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Civil Tapestry 5

© 2012 Theaster Gates

Image downloads are for educational use only. For all other purposes, please see our Obtaining and Using Images page.

© 2012 Theaster Gates

Image downloads are for educational use only. For all other purposes, please see our Obtaining and Using Images page.

© 2012 Theaster Gates

Image downloads are for educational use only. For all other purposes, please see our Obtaining and Using Images page.

© 2012 Theaster Gates

Image downloads are for educational use only. For all other purposes, please see our Obtaining and Using Images page.

Theaster Gates

American, born 1973

Civil Tapestry 5, 2012

decommissioned fire hoses on oil cloth mounted on wood panel

left panel: 58 x 104 x 4 inches (147.32 x 264.16 x 10.16 cm); right panel: 58 x 104 x 4 inches (147.32 x 264.16 x 10.16 cm); overall: 58 x 208 x 4 inches (147.32 x 528.32 x 10.16 cm)

Collection Albright-Knox Art Gallery, Buffalo, New York

Bequest of Arthur B. Michael, by exchange, 2014

2014:3a-b

Currently On View

More Details

Inscriptions

no inscriptions

Provenance

the artist;
Kavi Gupta Gallery, Chicago;
sold to the Albright-Knox Art Gallery, Buffalo, January 21, 2014

Class

Sculpture (visual work)

Work Type

Assemblage (sculpture)

This information may change due to ongoing research. Glossary of Terms

The history of civil rights in the United States is one of Theaster Gates’s predominant thematic concerns as an artist, activist, and visionary catalyst for social change. In 2013, he began to approach this subject in a series of works fashioned from decommissioned fire hoses. These in part allude to the images of such objects turned on protestors by police in Birmingham, Alabama, that shocked the nation in 1963 and are credited with helping to turn the tide in the struggle for civil rights. Despite their unusual materials, works such as Civil Tapestry 5 bear a formal resemblance to Minimalist monochrome paintings and also seem at home within the walls of the museum. Gates’s practice of incorporating discarded elements situates him in a long tradition of artists, from Kurt Schwitters to Robert Rauschenberg, who also reclaimed trash to create assemblages steeped in historical references.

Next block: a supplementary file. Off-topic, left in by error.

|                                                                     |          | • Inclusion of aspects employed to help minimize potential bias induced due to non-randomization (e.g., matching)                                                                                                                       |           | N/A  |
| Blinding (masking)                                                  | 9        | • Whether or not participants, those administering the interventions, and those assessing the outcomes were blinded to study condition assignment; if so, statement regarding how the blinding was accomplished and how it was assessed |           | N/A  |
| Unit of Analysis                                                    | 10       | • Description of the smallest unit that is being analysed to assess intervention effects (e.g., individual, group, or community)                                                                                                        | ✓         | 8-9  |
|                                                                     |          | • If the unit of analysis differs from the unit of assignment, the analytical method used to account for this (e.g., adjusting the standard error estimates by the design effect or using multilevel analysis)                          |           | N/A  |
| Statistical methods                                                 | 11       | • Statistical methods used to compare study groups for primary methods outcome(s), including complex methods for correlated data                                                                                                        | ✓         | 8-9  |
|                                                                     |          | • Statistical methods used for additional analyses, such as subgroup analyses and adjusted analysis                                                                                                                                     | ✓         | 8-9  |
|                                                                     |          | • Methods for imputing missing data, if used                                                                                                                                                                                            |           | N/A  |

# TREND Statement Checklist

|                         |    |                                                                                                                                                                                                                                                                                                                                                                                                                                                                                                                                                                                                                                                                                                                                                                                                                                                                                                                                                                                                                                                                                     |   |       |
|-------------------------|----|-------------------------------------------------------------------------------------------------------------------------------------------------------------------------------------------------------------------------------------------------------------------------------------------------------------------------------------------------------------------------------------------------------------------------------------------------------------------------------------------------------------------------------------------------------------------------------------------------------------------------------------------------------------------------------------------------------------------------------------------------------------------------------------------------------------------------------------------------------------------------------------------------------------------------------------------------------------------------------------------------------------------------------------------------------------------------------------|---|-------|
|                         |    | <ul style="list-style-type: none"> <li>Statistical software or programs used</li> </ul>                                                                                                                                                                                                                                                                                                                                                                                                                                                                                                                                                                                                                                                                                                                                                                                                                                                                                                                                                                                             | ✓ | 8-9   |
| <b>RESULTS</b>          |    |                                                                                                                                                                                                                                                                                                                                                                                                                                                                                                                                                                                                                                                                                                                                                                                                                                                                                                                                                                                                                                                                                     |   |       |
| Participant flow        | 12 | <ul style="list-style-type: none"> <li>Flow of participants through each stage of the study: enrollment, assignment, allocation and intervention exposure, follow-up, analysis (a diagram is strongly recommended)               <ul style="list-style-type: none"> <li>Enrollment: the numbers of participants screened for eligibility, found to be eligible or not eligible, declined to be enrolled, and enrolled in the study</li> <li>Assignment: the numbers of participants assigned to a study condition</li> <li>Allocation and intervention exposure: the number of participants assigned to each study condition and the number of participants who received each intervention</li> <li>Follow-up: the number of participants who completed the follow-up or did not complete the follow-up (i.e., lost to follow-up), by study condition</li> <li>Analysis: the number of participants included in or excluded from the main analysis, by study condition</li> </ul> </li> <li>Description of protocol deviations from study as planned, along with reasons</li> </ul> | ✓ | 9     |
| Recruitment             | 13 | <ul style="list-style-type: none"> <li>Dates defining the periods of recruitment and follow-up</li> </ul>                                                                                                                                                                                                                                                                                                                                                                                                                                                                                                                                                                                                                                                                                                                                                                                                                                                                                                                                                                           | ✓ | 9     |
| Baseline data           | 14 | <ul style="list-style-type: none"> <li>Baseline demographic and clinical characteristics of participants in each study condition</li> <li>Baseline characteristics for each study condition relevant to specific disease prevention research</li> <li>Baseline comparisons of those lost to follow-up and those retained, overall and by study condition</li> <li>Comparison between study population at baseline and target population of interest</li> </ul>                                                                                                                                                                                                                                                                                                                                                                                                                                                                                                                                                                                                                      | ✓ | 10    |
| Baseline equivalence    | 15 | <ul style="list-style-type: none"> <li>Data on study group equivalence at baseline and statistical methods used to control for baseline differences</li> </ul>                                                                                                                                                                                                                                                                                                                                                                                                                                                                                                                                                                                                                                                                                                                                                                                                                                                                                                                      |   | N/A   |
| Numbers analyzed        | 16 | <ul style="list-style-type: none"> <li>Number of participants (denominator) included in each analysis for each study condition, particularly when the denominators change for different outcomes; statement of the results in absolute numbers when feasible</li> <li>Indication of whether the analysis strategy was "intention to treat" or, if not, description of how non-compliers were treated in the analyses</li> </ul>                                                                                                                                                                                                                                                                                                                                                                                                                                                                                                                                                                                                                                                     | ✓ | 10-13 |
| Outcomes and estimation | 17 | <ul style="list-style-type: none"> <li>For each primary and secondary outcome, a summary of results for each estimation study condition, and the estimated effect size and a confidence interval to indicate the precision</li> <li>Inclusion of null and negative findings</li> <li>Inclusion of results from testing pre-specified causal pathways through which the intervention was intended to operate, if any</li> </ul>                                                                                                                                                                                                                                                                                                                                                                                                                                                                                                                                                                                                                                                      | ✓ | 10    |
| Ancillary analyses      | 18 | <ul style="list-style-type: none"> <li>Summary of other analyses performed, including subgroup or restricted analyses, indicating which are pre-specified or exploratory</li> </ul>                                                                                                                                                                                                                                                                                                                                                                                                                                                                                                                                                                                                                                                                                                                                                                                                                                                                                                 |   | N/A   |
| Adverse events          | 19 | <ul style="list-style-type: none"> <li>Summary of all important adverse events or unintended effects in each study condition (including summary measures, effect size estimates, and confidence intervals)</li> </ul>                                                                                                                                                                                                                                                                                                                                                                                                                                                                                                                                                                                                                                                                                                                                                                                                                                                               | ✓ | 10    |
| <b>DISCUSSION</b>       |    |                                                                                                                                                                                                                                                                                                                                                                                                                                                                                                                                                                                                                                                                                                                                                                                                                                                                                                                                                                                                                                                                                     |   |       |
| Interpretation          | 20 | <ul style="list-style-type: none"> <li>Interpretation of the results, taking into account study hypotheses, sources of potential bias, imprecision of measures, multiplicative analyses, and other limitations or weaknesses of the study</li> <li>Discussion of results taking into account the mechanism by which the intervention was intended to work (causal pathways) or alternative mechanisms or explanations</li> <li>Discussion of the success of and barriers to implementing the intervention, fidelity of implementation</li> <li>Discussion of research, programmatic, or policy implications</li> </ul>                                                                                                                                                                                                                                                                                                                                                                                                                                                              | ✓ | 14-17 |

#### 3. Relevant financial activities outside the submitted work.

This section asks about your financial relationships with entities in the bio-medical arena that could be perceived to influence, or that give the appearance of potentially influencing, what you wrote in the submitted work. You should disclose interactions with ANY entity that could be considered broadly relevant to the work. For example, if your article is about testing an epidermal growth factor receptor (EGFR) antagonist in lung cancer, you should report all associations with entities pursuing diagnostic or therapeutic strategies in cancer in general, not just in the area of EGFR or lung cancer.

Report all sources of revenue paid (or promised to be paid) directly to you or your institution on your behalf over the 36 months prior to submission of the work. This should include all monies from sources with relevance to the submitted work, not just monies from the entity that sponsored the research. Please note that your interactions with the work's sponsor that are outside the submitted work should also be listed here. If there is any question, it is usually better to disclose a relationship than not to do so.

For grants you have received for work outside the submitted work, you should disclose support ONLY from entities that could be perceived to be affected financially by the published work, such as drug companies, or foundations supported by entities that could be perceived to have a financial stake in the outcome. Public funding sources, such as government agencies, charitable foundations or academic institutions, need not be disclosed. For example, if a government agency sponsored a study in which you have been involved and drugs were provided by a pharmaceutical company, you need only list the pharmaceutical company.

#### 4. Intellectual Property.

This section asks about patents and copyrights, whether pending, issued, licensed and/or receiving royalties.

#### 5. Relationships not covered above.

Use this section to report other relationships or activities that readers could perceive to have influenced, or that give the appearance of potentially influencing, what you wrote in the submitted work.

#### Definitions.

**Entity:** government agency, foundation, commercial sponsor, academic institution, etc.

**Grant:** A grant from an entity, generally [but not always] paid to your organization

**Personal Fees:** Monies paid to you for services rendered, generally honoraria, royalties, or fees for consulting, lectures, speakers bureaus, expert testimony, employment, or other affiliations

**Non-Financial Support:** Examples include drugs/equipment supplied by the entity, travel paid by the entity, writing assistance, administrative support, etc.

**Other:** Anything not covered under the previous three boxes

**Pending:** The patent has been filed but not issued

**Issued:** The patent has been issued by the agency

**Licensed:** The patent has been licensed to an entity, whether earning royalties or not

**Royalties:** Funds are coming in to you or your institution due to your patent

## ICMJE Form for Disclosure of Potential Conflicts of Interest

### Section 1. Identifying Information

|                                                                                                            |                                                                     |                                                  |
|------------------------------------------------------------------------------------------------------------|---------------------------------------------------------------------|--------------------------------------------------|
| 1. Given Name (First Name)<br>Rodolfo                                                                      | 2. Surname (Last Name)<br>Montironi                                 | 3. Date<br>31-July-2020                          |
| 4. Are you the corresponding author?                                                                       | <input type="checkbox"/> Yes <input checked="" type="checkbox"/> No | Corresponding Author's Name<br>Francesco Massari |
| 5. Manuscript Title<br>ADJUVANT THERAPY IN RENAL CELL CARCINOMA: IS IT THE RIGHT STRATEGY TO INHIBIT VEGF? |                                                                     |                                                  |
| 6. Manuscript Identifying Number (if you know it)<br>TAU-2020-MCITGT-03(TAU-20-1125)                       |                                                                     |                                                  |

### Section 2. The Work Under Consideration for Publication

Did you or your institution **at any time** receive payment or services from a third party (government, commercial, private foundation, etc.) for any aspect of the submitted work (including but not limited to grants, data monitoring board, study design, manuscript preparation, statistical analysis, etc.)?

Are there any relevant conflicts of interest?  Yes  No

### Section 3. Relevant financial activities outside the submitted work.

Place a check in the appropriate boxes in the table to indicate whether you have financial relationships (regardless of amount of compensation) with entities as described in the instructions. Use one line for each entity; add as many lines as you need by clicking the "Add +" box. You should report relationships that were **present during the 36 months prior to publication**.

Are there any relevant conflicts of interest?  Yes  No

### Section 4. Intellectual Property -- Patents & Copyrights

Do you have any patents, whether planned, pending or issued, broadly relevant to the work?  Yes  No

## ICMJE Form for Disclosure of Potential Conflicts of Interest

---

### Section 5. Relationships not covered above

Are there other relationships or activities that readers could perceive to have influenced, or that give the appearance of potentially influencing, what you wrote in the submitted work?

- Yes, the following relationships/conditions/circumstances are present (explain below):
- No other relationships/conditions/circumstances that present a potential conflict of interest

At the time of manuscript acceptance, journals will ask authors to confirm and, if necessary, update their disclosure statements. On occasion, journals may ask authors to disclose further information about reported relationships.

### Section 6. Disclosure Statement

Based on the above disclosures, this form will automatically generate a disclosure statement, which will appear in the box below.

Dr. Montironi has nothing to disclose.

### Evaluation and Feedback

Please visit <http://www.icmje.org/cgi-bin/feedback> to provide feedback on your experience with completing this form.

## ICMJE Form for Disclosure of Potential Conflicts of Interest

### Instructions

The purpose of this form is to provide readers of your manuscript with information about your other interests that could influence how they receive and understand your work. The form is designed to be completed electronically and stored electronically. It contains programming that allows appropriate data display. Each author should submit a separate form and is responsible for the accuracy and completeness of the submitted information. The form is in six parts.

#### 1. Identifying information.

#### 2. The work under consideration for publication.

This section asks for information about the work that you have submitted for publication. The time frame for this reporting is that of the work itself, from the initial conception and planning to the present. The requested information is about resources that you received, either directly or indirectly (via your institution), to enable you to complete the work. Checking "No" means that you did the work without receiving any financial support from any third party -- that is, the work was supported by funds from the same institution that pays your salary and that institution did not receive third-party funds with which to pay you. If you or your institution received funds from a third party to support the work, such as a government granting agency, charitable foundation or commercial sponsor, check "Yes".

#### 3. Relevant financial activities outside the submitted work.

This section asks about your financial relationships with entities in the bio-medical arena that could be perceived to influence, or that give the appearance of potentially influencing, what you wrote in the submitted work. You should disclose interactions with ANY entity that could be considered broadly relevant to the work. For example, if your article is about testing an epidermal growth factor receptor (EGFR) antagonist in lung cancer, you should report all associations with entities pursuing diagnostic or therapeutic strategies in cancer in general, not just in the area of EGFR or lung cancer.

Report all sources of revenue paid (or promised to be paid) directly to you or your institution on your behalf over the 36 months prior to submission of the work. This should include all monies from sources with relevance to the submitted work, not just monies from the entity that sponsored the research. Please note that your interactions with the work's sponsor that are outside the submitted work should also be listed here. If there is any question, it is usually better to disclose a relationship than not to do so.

The fire hoses Gates employs in this work have been well used. Traces of text—specifying where they were fabricated as well as their gauges and compliance with various fire codes—are sometimes still legible. In the context of the artist’s work, these practical details take on multiple connotations. Some of the hoses, for example, read “1962”—the year deadly riots erupted over the desegregation of the University of Mississippi—or “Compton, Calif.”—traditionally a predominantly African American city. In works of art that subtly allude to the human experience, Gates pictures a world in which the dark moments in the country’s history continue to resonate.

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